From Outlaw Status to the Legal Profession

Back Into the Light: Lawyer Morohashi Yoshitomo and Judicial Scrivener Kōmura Ryūichi Discuss their Yakuza Pasts

People Society Work

Japan’s legal profession is a tough one to enter even if the difficult examinations are all one considers. For people with criminal records, it could appear to be unattainable, but Kōmura Ryūichi, a judicial scrivener, and lawyer Morohashi Yoshitomo overcame their gangland pasts to work within the law—bringing their own unique perspectives to bear on their jobs.

Morohashi Yoshitomo

Born in 1976 in Fukushima Prefecture. A former honors student, he spent two years trying before passing the exam to enter Seikei University, only to drop out and join an organized crime group. In 2005, he was forcibly hospitalized for stimulant addiction; he was later arrested for a drugs violation, receiving a suspended sentence and being expelled from his gang. Around that same time, he began studying for various professional qualifications, and after passing the real estate broker and judicial scrivener exams, he passed the bar in 2013. He is the author of a book about his life, Motoyakuza bengōshi (The Ex-Yakuza Lawyer).

Kōmura Ryūichi

Born in 1972 in Okayama Prefecture. After dropping out of high school and founding a staffing company, at 21 entered the service of Takegaki Satoru, then head of the Yamaguchi-gumi gang’s Giryūkai group. He founded a right-wing group in 2003. In 2005, he left the yakuza when the Giryūkai dissolved. At 38, he was arrested for hindering a police officer in the execution of his duties and began studying for exams during his three-year prison sentence. In 2018, after passing the exams for real-estate broker and administrative scrivener, he passed the judicial scrivener exam. Author of Motoyakuza, shihōshoshi e no michi (Former Gangster on the Road to Judicial Scrivener).

A Gun to My Forehead

INTERVIEWER  When did you two first learn about each other?

MOROHASHI YOSHITOMO  The first time was in 2019, when I saw a news story about a former yakuza who’d passed the judicial scrivener exam. I had become a lawyer, but at the time I was still hiding my past. I was surprised that Kōmura was so open about it. I thought maybe I could open up, too. My decision to go on a YouTube program in April 2022 and come out as a former yakuza owes a lot to Kōmura’s presence.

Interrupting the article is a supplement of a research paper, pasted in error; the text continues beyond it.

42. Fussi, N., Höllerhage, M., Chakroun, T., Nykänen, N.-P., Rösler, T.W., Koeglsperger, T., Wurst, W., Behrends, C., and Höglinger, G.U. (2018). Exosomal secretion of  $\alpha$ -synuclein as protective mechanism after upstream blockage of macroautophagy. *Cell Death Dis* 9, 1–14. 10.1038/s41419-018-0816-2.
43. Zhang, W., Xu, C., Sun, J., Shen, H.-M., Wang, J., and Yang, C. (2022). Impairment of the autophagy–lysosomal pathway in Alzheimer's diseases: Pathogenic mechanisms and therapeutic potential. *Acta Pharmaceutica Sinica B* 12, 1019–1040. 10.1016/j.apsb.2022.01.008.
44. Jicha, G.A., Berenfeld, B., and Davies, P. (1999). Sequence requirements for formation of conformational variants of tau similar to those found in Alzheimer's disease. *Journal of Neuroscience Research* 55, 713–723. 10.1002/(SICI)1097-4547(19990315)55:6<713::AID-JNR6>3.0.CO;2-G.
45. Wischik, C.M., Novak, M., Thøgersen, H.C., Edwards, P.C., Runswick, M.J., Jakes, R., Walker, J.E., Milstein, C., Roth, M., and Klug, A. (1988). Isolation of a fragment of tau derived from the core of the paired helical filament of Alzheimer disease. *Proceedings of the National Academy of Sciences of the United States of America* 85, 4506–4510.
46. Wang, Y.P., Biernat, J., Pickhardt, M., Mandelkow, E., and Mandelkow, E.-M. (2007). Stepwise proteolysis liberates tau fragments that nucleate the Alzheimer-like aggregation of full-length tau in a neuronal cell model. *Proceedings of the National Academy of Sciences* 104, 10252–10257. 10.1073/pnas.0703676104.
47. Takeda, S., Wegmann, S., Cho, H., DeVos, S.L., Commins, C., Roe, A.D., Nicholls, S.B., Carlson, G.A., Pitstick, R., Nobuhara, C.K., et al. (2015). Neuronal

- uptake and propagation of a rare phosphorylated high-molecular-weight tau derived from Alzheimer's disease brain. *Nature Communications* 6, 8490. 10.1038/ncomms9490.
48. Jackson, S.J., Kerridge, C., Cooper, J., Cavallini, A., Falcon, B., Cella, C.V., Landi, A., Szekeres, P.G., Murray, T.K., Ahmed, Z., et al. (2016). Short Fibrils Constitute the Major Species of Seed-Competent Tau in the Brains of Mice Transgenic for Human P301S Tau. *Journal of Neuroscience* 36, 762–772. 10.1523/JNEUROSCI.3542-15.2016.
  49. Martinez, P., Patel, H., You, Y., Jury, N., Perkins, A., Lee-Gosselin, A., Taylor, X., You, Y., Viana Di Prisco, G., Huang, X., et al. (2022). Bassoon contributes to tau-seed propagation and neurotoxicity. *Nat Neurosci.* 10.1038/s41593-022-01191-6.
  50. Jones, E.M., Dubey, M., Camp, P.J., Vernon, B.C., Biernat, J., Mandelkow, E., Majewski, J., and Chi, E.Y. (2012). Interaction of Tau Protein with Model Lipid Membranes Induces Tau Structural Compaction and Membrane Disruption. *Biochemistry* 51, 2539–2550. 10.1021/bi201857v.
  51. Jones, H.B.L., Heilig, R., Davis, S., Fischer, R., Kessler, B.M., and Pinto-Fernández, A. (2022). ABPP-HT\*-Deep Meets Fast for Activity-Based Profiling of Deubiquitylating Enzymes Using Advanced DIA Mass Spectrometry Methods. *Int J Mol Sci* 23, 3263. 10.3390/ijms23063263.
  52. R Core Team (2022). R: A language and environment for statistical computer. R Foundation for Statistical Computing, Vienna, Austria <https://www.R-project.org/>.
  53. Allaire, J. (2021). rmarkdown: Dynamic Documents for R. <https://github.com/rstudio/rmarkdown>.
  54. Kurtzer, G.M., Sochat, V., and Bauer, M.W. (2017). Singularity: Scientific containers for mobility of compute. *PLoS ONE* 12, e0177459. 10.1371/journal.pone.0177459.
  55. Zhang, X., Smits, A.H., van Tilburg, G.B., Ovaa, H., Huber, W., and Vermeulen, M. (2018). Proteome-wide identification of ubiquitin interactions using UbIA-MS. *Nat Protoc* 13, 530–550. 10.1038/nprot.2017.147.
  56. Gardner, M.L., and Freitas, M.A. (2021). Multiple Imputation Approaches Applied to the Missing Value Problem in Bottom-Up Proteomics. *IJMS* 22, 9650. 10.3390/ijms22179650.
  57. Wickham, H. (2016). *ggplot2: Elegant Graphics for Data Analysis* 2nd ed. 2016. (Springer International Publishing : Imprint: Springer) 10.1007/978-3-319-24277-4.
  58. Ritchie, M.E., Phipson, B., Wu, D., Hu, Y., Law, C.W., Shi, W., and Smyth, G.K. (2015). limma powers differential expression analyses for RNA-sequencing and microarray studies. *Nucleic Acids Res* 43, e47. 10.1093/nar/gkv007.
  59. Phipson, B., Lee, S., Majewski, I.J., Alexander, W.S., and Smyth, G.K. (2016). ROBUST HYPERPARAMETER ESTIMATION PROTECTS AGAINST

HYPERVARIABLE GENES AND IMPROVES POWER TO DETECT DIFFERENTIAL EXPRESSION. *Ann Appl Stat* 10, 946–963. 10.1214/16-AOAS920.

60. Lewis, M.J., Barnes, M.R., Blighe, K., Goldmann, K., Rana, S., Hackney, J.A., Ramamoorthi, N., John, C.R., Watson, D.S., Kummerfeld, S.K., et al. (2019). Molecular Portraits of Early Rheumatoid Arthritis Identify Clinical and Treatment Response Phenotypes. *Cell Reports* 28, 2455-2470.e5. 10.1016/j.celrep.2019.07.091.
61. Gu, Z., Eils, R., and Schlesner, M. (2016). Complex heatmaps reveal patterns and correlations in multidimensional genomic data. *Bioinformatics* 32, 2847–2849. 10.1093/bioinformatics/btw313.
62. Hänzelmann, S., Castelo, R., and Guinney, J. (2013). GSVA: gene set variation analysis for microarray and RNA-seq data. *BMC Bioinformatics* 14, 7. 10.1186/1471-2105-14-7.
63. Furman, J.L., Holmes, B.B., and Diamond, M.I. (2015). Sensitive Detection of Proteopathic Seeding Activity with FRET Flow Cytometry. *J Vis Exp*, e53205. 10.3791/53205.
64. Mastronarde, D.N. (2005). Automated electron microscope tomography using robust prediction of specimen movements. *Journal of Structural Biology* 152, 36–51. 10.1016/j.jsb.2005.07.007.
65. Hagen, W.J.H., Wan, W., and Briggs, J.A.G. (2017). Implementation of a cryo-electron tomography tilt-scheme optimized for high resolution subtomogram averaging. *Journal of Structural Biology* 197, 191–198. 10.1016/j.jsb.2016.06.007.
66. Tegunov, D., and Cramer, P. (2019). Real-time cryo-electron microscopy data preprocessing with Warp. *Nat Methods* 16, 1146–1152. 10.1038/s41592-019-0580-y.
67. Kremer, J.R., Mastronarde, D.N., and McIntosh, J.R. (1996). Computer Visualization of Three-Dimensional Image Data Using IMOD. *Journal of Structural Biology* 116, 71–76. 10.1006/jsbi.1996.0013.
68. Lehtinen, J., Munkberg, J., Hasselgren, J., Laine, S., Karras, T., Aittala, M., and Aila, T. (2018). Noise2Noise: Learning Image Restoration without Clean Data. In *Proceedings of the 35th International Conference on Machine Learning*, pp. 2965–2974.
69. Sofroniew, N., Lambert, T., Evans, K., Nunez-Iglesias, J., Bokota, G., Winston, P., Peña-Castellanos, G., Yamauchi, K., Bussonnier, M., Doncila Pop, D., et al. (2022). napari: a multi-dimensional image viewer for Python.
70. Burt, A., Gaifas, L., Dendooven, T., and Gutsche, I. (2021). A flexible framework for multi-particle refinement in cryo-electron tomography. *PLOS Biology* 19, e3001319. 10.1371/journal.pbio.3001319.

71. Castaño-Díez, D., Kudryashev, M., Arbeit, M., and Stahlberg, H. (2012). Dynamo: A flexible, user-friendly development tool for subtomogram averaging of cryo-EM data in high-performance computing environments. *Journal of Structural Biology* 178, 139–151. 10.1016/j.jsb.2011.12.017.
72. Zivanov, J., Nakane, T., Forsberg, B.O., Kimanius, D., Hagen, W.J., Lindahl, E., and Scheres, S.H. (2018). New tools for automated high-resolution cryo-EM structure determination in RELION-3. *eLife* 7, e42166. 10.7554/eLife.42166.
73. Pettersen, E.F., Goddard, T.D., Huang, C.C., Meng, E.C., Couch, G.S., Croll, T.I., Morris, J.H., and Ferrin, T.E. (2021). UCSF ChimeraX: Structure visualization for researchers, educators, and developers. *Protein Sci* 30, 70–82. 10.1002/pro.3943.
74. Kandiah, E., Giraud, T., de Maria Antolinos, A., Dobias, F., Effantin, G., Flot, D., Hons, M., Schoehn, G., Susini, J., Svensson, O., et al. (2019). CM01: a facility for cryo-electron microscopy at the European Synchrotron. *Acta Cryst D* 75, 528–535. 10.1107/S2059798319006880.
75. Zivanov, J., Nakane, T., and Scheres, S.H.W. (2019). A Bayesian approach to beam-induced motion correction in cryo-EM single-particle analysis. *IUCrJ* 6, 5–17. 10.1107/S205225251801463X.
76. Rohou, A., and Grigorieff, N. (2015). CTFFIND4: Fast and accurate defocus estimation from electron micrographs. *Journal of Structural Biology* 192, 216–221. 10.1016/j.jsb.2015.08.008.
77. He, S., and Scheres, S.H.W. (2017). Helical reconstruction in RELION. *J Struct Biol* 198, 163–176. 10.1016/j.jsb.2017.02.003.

KŌMURA RYŪICHI  I learned about Morohashi from that video. I thought I was the only one with this background who got certified and entered this industry, so I was quite surprised.

MOROHASHI  I was arrested for violation of the Stimulants Control Act but given a suspended sentence, while Kōmura actually spent time in prison. I had thought going to prison would be too big an obstacle to working in the legal profession, so it was interesting hearing about his success in getting past that. My book came out in May 2023 and his in June, so I used that chance to approach him, and we started talking.

KŌMURA  We’re both former yakuza, but Morohashi earned by selling meth, while I mostly worked in loan sharking and debt collection. We took different paths. So, I was really interested in his background, and how he got to where he is now.

INTERVIEWER  What underworld experience left the biggest impression on you?

KŌMURA  This is something that happened around when I was working with the right-wing group I founded in 2003, but I was chasing after an active gang member to get back some money I’d loaned him. I pushed a little too hard, and suddenly he pulled a gun and put it to my forehead. I could tell by the feel of the muzzle that it was the real thing, not a toy.

The guy was really out of it, and the hand holding that gun was trembling. The things coming out of his mouth weren’t even words. I thought, “This guy might actually pull the trigger . . .” I kept saying, “OK, OK, just put it down.” I somehow managed to settle things. That was the only time I was scared. I remember how I was covered in cold sweat and my hands were clammy.

Kōmura Ryūichi. (© Ikazaki Shinobu)
Kōmura Ryūichi. (© Ikazaki Shinobu)

INTERVIEWER  I suppose you must have always been ready to risk your life, is that right?

KŌMURA  There weren’t that many times where it seemed I might actually get killed, but I got sent to jail a lot. It was all for violent offenses. If someone picked a fight, I’d go for it, even if I knew I’d go to jail. I got jailed four times total in ten years that way. That’s just fate.

Tattoos: No Turning Back

MOROHASHI  I’ve never had a gun pulled on me, but the yakuza have something called kakeai, and they always left an impression. Kakeai is what happens, for example, when two gangs have some kind of dispute, and maybe five people from each side gather and argue it out.